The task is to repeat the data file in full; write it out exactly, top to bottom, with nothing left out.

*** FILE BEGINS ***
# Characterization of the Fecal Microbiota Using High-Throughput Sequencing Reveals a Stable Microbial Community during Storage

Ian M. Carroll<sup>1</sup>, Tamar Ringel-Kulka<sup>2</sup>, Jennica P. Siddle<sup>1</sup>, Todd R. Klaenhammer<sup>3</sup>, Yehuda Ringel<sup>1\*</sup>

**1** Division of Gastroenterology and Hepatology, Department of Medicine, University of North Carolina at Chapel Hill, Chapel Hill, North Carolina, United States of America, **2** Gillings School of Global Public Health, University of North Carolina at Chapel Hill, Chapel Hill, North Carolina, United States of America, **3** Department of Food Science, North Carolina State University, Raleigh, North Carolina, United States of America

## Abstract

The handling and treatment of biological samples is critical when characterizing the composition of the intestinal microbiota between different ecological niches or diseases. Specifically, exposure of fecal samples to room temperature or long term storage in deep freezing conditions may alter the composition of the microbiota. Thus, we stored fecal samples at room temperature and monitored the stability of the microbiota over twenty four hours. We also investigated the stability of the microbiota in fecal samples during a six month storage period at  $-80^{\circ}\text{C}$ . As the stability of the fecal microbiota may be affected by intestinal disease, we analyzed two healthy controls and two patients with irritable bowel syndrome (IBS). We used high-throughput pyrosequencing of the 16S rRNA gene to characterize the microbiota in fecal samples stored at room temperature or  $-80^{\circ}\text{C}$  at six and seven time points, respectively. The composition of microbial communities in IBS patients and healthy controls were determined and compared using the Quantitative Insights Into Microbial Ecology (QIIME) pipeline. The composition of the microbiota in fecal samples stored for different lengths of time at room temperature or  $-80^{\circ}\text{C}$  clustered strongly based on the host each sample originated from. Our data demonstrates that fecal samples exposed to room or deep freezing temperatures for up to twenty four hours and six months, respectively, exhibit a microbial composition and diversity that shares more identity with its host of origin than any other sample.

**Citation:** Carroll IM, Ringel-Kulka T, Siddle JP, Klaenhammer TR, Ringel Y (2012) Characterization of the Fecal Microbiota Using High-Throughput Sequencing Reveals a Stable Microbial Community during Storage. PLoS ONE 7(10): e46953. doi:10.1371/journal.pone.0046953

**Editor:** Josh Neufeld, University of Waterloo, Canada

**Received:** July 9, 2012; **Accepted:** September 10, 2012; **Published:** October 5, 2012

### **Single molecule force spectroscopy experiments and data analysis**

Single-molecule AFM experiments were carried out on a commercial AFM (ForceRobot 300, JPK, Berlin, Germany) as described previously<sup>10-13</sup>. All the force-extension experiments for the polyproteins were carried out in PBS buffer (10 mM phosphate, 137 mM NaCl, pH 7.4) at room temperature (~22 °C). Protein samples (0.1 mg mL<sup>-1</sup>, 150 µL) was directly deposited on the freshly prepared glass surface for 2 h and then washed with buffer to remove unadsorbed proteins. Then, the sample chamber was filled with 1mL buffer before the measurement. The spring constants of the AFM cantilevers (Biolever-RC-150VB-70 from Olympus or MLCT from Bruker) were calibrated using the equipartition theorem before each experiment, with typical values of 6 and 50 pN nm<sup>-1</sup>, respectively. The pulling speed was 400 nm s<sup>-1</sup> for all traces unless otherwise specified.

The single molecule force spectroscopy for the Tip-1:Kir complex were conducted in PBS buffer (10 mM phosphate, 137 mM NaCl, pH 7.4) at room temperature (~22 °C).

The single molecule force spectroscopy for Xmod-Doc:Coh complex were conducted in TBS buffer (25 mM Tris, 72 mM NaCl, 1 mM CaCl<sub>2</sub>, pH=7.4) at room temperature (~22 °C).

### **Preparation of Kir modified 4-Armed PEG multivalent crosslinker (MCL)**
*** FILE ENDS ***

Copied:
# Characterization of the Fecal Microbiota Using High-Throughput Sequencing Reveals a Stable Microbial Community during Storage

Ian M. Carroll<sup>1</sup>, Tamar Ringel-Kulka<sup>2</sup>, Jennica P. Siddle<sup>1</sup>, Todd R. Klaenhammer<sup>3</sup>, Yehuda Ringel<sup>1\*</sup>

**1** Division of Gastroenterology and Hepatology, Department of Medicine, University of North Carolina at Chapel Hill, Chapel Hill, North Carolina, United States of America, **2** Gillings School of Global Public Health, University of North Carolina at Chapel Hill, Chapel Hill, North Carolina, United States of America, **3** Department of Food Science, North Carolina State University, Raleigh, North Carolina, United States of America

## Abstract

The handling and treatment of biological samples is critical when characterizing the composition of the intestinal microbiota between different ecological niches or diseases. Specifically, exposure of fecal samples to room temperature or long term storage in deep freezing conditions may alter the composition of the microbiota. Thus, we stored fecal samples at room temperature and monitored the stability of the microbiota over twenty four hours. We also investigated the stability of the microbiota in fecal samples during a six month storage period at  $-80^{\circ}\text{C}$ . As the stability of the fecal microbiota may be affected by intestinal disease, we analyzed two healthy controls and two patients with irritable bowel syndrome (IBS). We used high-throughput pyrosequencing of the 16S rRNA gene to characterize the microbiota in fecal samples stored at room temperature or  $-80^{\circ}\text{C}$  at six and seven time points, respectively. The composition of microbial communities in IBS patients and healthy controls were determined and compared using the Quantitative Insights Into Microbial Ecology (QIIME) pipeline. The composition of the microbiota in fecal samples stored for different lengths of time at room temperature or  $-80^{\circ}\text{C}$  clustered strongly based on the host each sample originated from. Our data demonstrates that fecal samples exposed to room or deep freezing temperatures for up to twenty four hours and six months, respectively, exhibit a microbial composition and diversity that shares more identity with its host of origin than any other sample.

**Citation:** Carroll IM, Ringel-Kulka T, Siddle JP, Klaenhammer TR, Ringel Y (2012) Characterization of the Fecal Microbiota Using High-Throughput Sequencing Reveals a Stable Microbial Community during Storage. PLoS ONE 7(10): e46953. doi:10.1371/journal.pone.0046953

**Editor:** Josh Neufeld, University of Waterloo, Canada

**Received:** July 9, 2012; **Accepted:** September 10, 2012; **Published:** October 5, 2012

### **Single molecule force spectroscopy experiments and data analysis**

Single-molecule AFM experiments were carried out on a commercial AFM (ForceRobot 300, JPK, Berlin, Germany) as described previously<sup>10-13</sup>. All the force-extension experiments for the polyproteins were carried out in PBS buffer (10 mM phosphate, 137 mM NaCl, pH 7.4) at room temperature (~22 °C). Protein samples (0.1 mg mL<sup>-1</sup>, 150 µL) was directly deposited on the freshly prepared glass surface for 2 h and then washed with buffer to remove unadsorbed proteins. Then, the sample chamber was filled with 1mL buffer before the measurement. The spring constants of the AFM cantilevers (Biolever-RC-150VB-70 from Olympus or MLCT from Bruker) were calibrated using the equipartition theorem before each experiment, with typical values of 6 and 50 pN nm<sup>-1</sup>, respectively. The pulling speed was 400 nm s<sup>-1</sup> for all traces unless otherwise specified.

The single molecule force spectroscopy for the Tip-1:Kir complex were conducted in PBS buffer (10 mM phosphate, 137 mM NaCl, pH 7.4) at room temperature (~22 °C).

The single molecule force spectroscopy for Xmod-Doc:Coh complex were conducted in TBS buffer (25 mM Tris, 72 mM NaCl, 1 mM CaCl<sub>2</sub>, pH=7.4) at room temperature (~22 °C).

### **Preparation of Kir modified 4-Armed PEG multivalent crosslinker (MCL)**